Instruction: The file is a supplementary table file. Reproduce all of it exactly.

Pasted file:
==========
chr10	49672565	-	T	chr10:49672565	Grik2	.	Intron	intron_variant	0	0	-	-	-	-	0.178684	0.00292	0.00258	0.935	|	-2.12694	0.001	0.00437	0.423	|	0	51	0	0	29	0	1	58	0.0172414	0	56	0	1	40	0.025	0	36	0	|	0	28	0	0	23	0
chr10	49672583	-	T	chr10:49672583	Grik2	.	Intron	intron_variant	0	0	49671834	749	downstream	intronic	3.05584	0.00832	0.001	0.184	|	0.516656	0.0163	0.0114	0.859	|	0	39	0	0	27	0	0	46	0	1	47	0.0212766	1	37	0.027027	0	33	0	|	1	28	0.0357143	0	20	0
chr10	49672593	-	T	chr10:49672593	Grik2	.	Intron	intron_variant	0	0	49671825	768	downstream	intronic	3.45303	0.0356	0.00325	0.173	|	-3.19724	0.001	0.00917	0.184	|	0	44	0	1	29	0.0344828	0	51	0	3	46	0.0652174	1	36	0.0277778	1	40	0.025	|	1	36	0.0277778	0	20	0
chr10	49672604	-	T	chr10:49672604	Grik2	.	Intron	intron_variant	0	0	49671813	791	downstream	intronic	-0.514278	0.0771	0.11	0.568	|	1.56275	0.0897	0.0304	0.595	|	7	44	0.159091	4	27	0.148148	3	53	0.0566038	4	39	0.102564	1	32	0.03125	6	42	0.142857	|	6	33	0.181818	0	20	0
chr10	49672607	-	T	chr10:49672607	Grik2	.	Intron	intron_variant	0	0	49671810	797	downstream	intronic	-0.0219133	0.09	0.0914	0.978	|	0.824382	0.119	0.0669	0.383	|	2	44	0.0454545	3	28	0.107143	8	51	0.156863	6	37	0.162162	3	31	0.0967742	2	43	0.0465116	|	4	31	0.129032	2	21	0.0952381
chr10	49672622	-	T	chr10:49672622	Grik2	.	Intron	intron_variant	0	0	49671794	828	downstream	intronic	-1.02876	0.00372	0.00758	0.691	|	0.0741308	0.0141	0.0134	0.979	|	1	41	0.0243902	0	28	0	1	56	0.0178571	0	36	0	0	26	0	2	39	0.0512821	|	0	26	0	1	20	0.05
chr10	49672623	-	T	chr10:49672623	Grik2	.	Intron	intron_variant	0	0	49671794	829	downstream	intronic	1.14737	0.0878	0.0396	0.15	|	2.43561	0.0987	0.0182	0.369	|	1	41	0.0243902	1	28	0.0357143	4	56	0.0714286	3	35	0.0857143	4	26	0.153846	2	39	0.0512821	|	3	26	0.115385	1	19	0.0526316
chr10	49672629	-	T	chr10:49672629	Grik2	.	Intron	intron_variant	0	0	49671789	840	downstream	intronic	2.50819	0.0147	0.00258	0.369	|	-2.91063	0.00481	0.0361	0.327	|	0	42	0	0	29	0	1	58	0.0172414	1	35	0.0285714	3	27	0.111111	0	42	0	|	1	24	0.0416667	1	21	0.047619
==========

chr10	49672565	-	T	chr10:49672565	Grik2	.	Intron	intron_variant	0	0	-	-	-	-	0.178684	0.00292	0.00258	0.935	|	-2.12694	0.001	0.00437	0.423	|	0	51	0	0	29	0	1	58	0.0172414	0	56	0	1	40	0.025	0	36	0	|	0	28	0	0	23	0
chr10	49672583	-	T	chr10:49672583	Grik2	.	Intron	intron_variant	0	0	49671834	749	downstream	intronic	3.05584	0.00832	0.001	0.184	|	0.516656	0.0163	0.0114	0.859	|	0	39	0	0	27	0	0	46	0	1	47	0.0212766	1	37	0.027027	0	33	0	|	1	28	0.0357143	0	20	0
chr10	49672593	-	T	chr10:49672593	Grik2	.	Intron	intron_variant	0	0	49671825	768	downstream	intronic	3.45303	0.0356	0.00325	0.173	|	-3.19724	0.001	0.00917	0.184	|	0	44	0	1	29	0.0344828	0	51	0	3	46	0.0652174	1	36	0.0277778	1	40	0.025	|	1	36	0.0277778	0	20	0
chr10	49672604	-	T	chr10:49672604	Grik2	.	Intron	intron_variant	0	0	49671813	791	downstream	intronic	-0.514278	0.0771	0.11	0.568	|	1.56275	0.0897	0.0304	0.595	|	7	44	0.159091	4	27	0.148148	3	53	0.0566038	4	39	0.102564	1	32	0.03125	6	42	0.142857	|	6	33	0.181818	0	20	0
chr10	49672607	-	T	chr10:49672607	Grik2	.	Intron	intron_variant	0	0	49671810	797	downstream	intronic	-0.0219133	0.09	0.0914	0.978	|	0.824382	0.119	0.0669	0.383	|	2	44	0.0454545	3	28	0.107143	8	51	0.156863	6	37	0.162162	3	31	0.0967742	2	43	0.0465116	|	4	31	0.129032	2	21	0.0952381
chr10	49672622	-	T	chr10:49672622	Grik2	.	Intron	intron_variant	0	0	49671794	828	downstream	intronic	-1.02876	0.00372	0.00758	0.691	|	0.0741308	0.0141	0.0134	0.979	|	1	41	0.0243902	0	28	0	1	56	0.0178571	0	36	0	0	26	0	2	39	0.0512821	|	0	26	0	1	20	0.05
chr10	49672623	-	T	chr10:49672623	Grik2	.	Intron	intron_variant	0	0	49671794	829	downstream	intronic	1.14737	0.0878	0.0396	0.15	|	2.43561	0.0987	0.0182	0.369	|	1	41	0.0243902	1	28	0.0357143	4	56	0.0714286	3	35	0.0857143	4	26	0.153846	2	39	0.0512821	|	3	26	0.115385	1	19	0.0526316
chr10	49672629	-	T	chr10:49672629	Grik2	.	Intron	intron_variant	0	0	49671789	840	downstream	intronic	2.50819	0.0147	0.00258	0.369	|	-2.91063	0.00481	0.0361	0.327	|	0	42	0	0	29	0	1	58	0.0172414	1	35	0.0285714	3	27	0.111111	0	42	0	|	1	24	0.0416667	1	21	0.047619